Month: April 2011

Pasadena explores nix on plastic shopping bags

It’s a long time until 2040, the date Pasadena, Calif., has set to achieve zero waste. The city sits atop current green kudos of which it can be proud, including Pasadena Water & Power customers using 15 percent less water in 2010 than the previous year, according to the Green City Report.

"Pack it in, pack it out," applies to daily urban living as well as to outdoor sojourns (Barbara Burns).

And it’s about to  wade into the plastic shopping bag ban. With bordering unincorporated area Altadena enforcing a ban on them in some markets in July, and all by 2012, the city’s environmental advisory committee meets tomorrow in special session to consider the topic.

After the 2012 deadline, Altadenans visiting the supermarket will have to stash their groceries in reusable bags or pay a dime for a paper one. (Plastic bags used for meat, poultry and fish will be exempt).

According to Jake Armstrong in the Pasadena Weekly, the committee seeks public comment on how best to craft the language of the ban, which would be based on L.A. County’s latest environmental impact report.

Trying to ban the bag without an environmental impact statement can lead a new ordinance to be overturned in the court system. That’s exactly what happened to Manhattan Beach’s ban in the California Court of Appeals in 2010.

“County officials estimate households use 1,600 bags a year and expected that figure to fall by half by 2013 and shave $4 million from cleanup costs,” according to Armstrong.

So far, single-use plastic bag bans have been approved in California in:

– Los Angeles County (unincorporated areas, of which Altadena is one)

— Long Beach

— Malibu

— Calabasas

– Marin County

– San Jose

The plastic bag has become a polarizing cry, with industry and libertarians crying “foul,” and the green movement pushing for an eventual blanket ban. Interesting trivia: they are called “witches britches” in England, apparently because of the way they unattractively flutter in the breeze.

See you on the river, Jim Burns

Quick Mends: List of toxic fish grows

Oh boy, not really the kind of thing you want to read on a Sunday, especially this Sunday, yet there it is: Tony Barboza penned an excellent piece in today’s Los Angeles Timesoutlining species joining the unlucky White croaker on the “do not eat” list.

The familiar "no dumping" warning, featured on sewers around the city (Courtesy

From the article: “In the so-called red zone that reaches from Santa Monica to Seal Beach, four fish besides white croaker … are now considered so contaminated with the long-banned pesticide DDT, PCBs and mercury that they too are unsafe to eat.”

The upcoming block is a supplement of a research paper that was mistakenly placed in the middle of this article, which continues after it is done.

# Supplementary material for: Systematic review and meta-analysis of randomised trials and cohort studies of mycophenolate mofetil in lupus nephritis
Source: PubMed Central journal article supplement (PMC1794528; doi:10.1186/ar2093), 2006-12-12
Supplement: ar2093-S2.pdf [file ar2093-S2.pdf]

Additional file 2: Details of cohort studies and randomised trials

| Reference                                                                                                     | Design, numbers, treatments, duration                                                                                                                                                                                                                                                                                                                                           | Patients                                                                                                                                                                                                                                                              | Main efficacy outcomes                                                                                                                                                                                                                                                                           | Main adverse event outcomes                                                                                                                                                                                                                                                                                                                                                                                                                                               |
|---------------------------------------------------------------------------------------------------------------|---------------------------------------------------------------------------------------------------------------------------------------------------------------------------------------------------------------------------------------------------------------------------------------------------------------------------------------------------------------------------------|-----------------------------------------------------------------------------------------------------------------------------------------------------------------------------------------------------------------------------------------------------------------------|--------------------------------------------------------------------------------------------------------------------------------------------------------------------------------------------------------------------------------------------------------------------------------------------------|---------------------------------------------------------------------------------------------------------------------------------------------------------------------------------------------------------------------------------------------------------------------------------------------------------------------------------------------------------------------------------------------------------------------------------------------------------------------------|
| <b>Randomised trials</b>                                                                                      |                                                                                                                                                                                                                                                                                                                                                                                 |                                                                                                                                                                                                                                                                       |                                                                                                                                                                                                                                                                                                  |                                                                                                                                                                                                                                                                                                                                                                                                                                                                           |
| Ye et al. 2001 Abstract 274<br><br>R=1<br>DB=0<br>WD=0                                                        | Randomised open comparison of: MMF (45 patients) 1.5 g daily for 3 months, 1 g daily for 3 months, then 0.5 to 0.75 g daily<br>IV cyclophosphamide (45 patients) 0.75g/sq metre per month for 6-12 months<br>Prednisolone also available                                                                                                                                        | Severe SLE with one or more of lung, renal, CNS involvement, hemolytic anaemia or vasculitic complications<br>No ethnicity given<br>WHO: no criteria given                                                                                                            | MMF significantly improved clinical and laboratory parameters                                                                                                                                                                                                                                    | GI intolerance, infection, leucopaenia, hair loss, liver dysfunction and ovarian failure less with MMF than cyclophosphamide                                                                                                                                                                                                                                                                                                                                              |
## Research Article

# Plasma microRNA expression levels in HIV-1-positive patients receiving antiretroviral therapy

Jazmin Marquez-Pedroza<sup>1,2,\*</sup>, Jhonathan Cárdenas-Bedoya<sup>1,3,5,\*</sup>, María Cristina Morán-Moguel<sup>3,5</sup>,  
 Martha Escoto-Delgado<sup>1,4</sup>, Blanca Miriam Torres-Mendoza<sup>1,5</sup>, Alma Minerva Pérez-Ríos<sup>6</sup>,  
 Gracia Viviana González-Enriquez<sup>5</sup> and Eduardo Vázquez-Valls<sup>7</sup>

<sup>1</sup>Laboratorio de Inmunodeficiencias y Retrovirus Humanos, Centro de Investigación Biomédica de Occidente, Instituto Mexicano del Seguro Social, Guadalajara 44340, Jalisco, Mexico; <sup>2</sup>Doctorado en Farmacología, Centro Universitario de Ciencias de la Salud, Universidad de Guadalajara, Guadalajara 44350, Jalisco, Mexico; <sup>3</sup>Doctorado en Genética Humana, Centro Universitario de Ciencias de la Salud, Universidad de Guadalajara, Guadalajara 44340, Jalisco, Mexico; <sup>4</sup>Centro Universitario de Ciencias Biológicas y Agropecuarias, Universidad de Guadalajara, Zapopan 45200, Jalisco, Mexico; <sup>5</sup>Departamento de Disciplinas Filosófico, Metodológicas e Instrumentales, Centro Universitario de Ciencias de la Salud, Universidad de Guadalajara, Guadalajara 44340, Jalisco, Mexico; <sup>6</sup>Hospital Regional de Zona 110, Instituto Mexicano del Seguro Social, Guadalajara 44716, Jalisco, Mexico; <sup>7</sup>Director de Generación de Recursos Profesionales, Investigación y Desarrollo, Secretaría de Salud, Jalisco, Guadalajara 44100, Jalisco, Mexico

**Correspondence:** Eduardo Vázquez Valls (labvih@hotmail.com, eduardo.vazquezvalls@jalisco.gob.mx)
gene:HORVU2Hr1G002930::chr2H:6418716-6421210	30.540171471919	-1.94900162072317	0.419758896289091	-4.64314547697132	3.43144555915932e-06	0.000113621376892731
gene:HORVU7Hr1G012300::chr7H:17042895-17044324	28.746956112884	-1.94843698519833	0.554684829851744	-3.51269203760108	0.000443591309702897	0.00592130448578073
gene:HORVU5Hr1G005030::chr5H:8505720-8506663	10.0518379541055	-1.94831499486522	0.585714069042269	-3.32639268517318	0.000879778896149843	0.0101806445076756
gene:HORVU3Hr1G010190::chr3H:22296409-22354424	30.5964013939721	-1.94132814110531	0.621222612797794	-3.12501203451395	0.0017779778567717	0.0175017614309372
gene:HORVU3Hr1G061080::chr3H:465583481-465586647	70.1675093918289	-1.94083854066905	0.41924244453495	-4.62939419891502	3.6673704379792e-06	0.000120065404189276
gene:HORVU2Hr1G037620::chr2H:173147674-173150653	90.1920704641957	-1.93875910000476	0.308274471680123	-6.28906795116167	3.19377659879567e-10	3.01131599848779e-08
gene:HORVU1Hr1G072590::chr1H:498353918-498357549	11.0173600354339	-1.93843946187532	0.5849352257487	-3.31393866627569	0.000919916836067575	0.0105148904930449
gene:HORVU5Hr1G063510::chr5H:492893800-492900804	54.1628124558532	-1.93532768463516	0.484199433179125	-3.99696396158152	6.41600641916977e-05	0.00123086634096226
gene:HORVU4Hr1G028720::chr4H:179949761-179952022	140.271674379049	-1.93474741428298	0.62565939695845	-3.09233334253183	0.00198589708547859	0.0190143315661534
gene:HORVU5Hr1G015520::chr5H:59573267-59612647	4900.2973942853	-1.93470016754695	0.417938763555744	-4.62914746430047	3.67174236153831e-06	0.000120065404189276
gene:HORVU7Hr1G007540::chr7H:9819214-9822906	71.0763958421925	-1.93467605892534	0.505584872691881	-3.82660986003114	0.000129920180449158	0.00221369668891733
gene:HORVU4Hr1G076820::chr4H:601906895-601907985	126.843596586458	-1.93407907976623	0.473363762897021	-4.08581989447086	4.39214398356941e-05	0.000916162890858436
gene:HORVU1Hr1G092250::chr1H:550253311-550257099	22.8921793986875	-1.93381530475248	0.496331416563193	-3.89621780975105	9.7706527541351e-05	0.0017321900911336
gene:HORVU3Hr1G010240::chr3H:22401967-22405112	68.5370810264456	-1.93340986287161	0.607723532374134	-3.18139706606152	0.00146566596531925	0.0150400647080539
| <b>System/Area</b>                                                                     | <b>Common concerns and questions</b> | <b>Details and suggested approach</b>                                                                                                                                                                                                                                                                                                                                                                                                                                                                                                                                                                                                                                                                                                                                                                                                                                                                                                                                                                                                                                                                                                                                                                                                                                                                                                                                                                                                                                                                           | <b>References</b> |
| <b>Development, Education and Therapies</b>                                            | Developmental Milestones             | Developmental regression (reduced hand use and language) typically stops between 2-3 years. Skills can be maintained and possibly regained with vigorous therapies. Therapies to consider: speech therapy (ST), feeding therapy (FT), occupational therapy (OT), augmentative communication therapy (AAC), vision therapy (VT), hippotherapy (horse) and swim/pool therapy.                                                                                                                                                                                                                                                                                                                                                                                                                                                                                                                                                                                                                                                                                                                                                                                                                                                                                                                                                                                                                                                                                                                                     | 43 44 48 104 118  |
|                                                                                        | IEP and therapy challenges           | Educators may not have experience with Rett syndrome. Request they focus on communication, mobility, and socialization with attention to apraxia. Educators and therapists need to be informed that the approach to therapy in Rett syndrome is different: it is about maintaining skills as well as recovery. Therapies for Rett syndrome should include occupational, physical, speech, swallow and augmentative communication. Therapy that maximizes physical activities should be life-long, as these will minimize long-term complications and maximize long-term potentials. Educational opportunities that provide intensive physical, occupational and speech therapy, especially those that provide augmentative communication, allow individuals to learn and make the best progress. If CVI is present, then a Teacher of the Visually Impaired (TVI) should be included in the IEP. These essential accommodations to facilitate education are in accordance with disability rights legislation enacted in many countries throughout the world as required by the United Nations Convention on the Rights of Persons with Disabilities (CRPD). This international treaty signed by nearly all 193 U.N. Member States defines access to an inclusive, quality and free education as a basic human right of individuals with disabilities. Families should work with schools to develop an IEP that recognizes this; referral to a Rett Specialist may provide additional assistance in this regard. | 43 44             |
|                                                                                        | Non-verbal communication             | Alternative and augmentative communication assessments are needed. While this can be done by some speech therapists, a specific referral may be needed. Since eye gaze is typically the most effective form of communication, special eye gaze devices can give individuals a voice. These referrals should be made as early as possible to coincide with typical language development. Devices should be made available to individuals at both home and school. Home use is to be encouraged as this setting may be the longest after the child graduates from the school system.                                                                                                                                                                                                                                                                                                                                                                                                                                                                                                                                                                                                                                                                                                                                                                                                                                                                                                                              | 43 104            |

Added to the list:

— Barred sand bass

— Black croaker

— Topsmelt

— Barracuda

This revelation, which comes from increased scientific scrutiny, not more dumping, led me to wonder about the Los Angeles River and its carp and other fish populations. The FOLAR fish study from several years ago found surprisingly low levels of toxins in the resident fish population.

Is the L.A. River, butt of many a poo-poo joke, actually cleaner than our slice of the Pacific Ocean?

See you on the river, Jim Burns

Annual river cleanup slated for April 30

Stake out a site from this nifty cleanup flier (Courtesy Friends of the Los Angeles River).

How can sturdy shoes, a pair of work gloves and sunscreen magically turn into a free T-shirt?

Well, April 30 from 9 a.m. until noon, it’s time to clean up the river, sponsored by Friends of the Los Angeles River and Mayor Antonio Villaraigosa. Check out this link for the deets.

See you on the river wearing my sturdy shoes, Jim Burns

Earth Quotes: Thomas Berry

Today, I’m introducing a new aspect to the blog — like the title says, earth quotes. This first one is from the book “Befriending the Earth” by Thomas Berry, CP, with Thomas Clarke, SJ.

Author Thomas Berry (Courtesy the Thomas Berry Foundation).

“Not long ago, I was talking with several hundred high school students at one of the prestigious high schools in the city of New York. I said that my generation has been an autistic generation. I asked them what autism was. Imagine asking a group of high school students what autism is!

One student got up and explained very clearly: persons being so locked up in themselves that no one and nothing else can get in. It is an isolation process.

That, I think, is what has happened to the human community in our times. We are talking to ourselves. We are not talking to the river, we are not listening to the river. We have broken the great conversation. By breaking the conversation, we have shattered the universe. All these things that are happening now are consequences of this autism.”

If you’d like to share a quote, just e-mail it to me.

See you on the river, Jim Burns